This page, clockwise from top le Andrew Wellman’s Blossoming artwork makes a statement in the dining room. Mark Tuckey table. Silver candlesticks from Exhibit. Artwork by Mitjili Napurrula in the entry. Teal tiles create a cool atmosphere in the bathroom. Vitra ‘Solo’ bath from Rogerseller. Kitchen bar stools are from The Chair Man. Bird sculpture was a gift from a friend. Opposite page In the living room, an armchair from the owner’s childhood has been reupholstered in a teal Mokum fabric. Dysfunctional Camou age tiger gure by Troy Emery.
“THERE I S A RICHNESS TO A L L K AT E’S A RT, FURNITURE AND I TEMS THAT I S R E A L LY A PPR ECIAT ED WHEN YOU SEE I T ALL TO G E T HER.”
» Homeowner Kate Cowen engaged Bower Architecture and Interiors and LBA Construction Group to remodel this 1960s modernist home in Melbourne’s St Kilda. » Remaining sensitive to the era of the house, the architects maintained its single-storey prole, choosing to extend out across the former side driveway to create more living and storage space, and inserting voids and galleries to bring light and a feeling of spaciousness to the home. » Playful nishes and xtures provide texture, warmth and whimsy, while the wonderfully eclectic collections and colourful modern artworks assembled by self-confessed “trawler and scavenger of things” Kate provide punch against the home’s neutral backdrop.
somewhere to both stow and display her collectables. Expansive walls provide opportunities for display and in the study, a custom shelving system is grooved for interchangeable steel vertical inserts. Yet personality is not forsaken, and nishes, colour and texture work to “bind everything together” says Jade.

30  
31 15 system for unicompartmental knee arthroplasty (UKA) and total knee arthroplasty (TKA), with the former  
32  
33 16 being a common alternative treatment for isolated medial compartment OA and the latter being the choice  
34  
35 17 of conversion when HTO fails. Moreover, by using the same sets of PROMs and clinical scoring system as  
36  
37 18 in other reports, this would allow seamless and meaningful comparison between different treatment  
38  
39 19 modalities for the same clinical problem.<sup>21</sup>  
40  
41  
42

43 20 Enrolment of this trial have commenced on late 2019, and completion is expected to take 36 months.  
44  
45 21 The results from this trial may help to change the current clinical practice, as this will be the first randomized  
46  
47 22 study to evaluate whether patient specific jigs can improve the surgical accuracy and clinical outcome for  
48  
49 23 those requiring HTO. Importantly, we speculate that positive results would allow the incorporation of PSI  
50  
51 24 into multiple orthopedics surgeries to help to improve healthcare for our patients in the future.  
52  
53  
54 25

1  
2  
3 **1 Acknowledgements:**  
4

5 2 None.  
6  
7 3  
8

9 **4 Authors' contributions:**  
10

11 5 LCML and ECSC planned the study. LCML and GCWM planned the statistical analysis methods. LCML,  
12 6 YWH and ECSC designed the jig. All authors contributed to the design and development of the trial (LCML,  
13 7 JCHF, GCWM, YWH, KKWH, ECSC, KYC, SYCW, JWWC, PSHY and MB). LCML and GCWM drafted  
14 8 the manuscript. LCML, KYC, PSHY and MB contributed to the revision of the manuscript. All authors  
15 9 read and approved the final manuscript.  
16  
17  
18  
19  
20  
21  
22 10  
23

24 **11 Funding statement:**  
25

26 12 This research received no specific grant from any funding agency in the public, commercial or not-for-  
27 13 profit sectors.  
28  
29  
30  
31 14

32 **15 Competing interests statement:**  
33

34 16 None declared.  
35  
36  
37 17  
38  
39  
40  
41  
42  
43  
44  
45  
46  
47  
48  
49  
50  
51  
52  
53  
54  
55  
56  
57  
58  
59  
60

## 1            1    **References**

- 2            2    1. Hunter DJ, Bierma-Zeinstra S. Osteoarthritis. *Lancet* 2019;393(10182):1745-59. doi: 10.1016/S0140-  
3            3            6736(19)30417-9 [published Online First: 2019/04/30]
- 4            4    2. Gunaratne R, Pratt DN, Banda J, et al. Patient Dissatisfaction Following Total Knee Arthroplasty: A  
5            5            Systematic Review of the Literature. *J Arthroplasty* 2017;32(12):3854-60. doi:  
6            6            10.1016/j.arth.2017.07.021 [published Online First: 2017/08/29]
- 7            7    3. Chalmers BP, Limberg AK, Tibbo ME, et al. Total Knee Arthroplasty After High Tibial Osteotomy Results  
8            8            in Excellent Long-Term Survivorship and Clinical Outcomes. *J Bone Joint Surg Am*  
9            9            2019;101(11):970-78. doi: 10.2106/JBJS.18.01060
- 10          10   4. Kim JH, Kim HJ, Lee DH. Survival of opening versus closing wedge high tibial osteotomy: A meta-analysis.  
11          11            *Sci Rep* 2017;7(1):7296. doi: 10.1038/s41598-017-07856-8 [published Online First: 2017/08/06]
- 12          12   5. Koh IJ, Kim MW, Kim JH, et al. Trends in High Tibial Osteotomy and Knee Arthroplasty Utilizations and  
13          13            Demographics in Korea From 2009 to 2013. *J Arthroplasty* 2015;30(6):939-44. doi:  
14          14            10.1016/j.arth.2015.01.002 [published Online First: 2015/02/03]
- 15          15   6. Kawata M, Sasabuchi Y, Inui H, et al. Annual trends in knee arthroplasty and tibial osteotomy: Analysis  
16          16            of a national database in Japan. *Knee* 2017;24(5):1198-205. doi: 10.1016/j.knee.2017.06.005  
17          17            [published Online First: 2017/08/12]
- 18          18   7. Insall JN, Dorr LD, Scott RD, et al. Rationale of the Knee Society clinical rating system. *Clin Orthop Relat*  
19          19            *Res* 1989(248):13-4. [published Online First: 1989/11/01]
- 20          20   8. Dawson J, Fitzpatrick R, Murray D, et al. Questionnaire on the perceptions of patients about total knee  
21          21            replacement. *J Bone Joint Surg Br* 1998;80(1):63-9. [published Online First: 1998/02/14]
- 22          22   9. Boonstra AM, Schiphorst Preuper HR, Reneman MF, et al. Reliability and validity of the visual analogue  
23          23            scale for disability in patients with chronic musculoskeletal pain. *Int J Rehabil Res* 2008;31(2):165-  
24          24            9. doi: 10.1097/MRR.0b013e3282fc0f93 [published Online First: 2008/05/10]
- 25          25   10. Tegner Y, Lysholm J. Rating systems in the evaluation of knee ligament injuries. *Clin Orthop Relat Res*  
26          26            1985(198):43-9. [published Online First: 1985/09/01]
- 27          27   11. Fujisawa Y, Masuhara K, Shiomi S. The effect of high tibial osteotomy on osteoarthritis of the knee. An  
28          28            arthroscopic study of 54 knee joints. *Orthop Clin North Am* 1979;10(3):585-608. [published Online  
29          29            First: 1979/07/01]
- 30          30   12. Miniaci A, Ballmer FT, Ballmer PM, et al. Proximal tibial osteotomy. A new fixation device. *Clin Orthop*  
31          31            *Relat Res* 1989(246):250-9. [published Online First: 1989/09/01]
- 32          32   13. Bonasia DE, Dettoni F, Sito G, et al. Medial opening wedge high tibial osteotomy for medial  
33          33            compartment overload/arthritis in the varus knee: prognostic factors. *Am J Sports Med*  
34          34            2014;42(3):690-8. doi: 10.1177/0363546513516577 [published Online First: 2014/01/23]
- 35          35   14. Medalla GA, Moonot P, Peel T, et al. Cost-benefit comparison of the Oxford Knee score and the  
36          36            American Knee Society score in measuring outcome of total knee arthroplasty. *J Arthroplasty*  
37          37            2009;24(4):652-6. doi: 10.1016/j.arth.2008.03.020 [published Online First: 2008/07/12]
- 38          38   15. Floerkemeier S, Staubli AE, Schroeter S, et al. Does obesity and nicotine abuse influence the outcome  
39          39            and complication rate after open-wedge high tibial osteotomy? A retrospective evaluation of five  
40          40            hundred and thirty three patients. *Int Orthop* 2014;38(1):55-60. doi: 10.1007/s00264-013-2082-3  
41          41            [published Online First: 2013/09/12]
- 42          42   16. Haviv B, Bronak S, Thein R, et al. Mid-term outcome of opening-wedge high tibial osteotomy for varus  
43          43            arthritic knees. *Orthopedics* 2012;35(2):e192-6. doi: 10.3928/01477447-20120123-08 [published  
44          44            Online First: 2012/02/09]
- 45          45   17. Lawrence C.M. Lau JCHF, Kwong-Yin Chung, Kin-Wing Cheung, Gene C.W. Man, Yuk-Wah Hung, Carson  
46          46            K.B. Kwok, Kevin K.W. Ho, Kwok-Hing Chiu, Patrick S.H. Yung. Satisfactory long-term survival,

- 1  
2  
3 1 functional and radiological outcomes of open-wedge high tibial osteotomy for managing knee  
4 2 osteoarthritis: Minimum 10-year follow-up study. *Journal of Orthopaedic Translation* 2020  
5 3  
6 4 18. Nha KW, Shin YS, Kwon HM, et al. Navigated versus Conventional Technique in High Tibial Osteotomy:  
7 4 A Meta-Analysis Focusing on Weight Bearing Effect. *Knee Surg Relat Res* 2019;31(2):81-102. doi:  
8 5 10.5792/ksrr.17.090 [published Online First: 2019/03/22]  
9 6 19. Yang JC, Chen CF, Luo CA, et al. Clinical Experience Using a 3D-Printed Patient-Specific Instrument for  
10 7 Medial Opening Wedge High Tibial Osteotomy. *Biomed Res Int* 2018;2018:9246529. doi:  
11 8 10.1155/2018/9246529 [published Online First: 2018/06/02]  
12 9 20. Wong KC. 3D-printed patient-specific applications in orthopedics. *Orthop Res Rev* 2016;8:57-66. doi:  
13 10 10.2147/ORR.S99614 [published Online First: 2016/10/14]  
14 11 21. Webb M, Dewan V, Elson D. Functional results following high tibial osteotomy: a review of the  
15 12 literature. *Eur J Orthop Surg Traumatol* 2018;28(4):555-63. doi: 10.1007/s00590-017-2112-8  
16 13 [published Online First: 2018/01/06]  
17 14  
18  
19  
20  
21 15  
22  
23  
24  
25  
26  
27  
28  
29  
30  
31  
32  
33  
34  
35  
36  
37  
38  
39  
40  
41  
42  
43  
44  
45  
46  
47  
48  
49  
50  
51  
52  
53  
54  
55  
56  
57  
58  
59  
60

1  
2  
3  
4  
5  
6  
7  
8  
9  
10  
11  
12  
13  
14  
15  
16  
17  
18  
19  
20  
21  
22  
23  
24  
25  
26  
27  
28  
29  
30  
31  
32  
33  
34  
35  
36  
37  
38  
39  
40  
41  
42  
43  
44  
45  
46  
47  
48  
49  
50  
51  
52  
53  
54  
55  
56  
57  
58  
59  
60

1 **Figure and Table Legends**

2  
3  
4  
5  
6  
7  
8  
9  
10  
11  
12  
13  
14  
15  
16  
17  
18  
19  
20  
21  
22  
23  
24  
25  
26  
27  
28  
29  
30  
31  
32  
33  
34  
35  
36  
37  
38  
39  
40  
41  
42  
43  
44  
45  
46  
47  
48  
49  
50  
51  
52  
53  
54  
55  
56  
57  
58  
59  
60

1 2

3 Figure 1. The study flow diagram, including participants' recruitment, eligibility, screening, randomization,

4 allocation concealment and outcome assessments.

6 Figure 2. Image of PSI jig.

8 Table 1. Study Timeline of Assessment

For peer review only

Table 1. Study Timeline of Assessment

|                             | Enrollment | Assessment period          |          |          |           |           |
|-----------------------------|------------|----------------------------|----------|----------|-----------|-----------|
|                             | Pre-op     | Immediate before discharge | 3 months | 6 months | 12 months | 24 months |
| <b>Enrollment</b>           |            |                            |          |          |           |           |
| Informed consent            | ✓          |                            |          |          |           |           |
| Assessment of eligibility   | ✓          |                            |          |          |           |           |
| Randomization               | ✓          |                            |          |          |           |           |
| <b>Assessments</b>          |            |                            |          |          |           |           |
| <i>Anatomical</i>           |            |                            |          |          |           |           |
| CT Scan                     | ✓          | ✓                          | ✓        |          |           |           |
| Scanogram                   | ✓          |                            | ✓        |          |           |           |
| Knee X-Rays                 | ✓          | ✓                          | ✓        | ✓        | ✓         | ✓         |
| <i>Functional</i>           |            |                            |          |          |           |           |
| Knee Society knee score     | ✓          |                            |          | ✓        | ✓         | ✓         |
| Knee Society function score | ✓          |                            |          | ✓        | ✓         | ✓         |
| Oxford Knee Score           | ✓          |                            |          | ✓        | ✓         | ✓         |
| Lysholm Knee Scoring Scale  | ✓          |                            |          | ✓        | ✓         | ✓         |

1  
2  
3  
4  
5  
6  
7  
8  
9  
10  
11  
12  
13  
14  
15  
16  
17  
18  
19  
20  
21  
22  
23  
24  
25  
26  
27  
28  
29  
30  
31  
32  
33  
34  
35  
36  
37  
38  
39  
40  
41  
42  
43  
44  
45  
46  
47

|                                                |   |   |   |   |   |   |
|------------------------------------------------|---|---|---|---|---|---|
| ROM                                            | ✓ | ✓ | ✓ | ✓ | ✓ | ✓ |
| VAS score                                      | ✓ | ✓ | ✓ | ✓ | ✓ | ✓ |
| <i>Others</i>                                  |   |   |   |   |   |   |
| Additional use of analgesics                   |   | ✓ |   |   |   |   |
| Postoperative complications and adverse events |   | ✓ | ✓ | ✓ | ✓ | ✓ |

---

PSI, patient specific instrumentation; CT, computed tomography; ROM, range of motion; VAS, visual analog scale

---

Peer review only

Playful details and xtures ful l Kate’s desire for “texture and warmth with a touch of whimsy”. Her daughters share a sunny, ochre-tiled bathroom and the main bathroom features undulating teal tiles with the unexpected addition of a seashell mirror picked up at auction. Hallway cupboards are basic but nished with handmade handles by craftsmen MadeMeasure.
Resting atop a Loom rug in the living-cum-dining area, a round table from Mark Tuckey was selected early in the project, a piece Jade says was “key to making the dining area work successfully with the surrounding spaces”. Partitioning the spacious living area from the kitchen is a blade wall which contains the “mayhem” and provides a pinboard for pictures, photographs and other paraphernalia. “There is a richness to all of Kate’s art, furniture and items that is really appreciated when you see it all together,” says Jade, describing the home as a “gallery for living”.
At the rear, the oor was dropped and the garden lifted to create a family room. The blackbutt ceiling seamlessly extends through to the outdoor eaves. A oorto-ceiling glass door opens directly onto the deck and large garden with sky-high white breezeway wall. Says Jade, “From the front there’s no perception of the drama and surprises at the back. When a house is nished it should look like it’s always been there. This home is a series of effortless spaces that are meant to be.”
For more go to bowerarchitecture.com.au.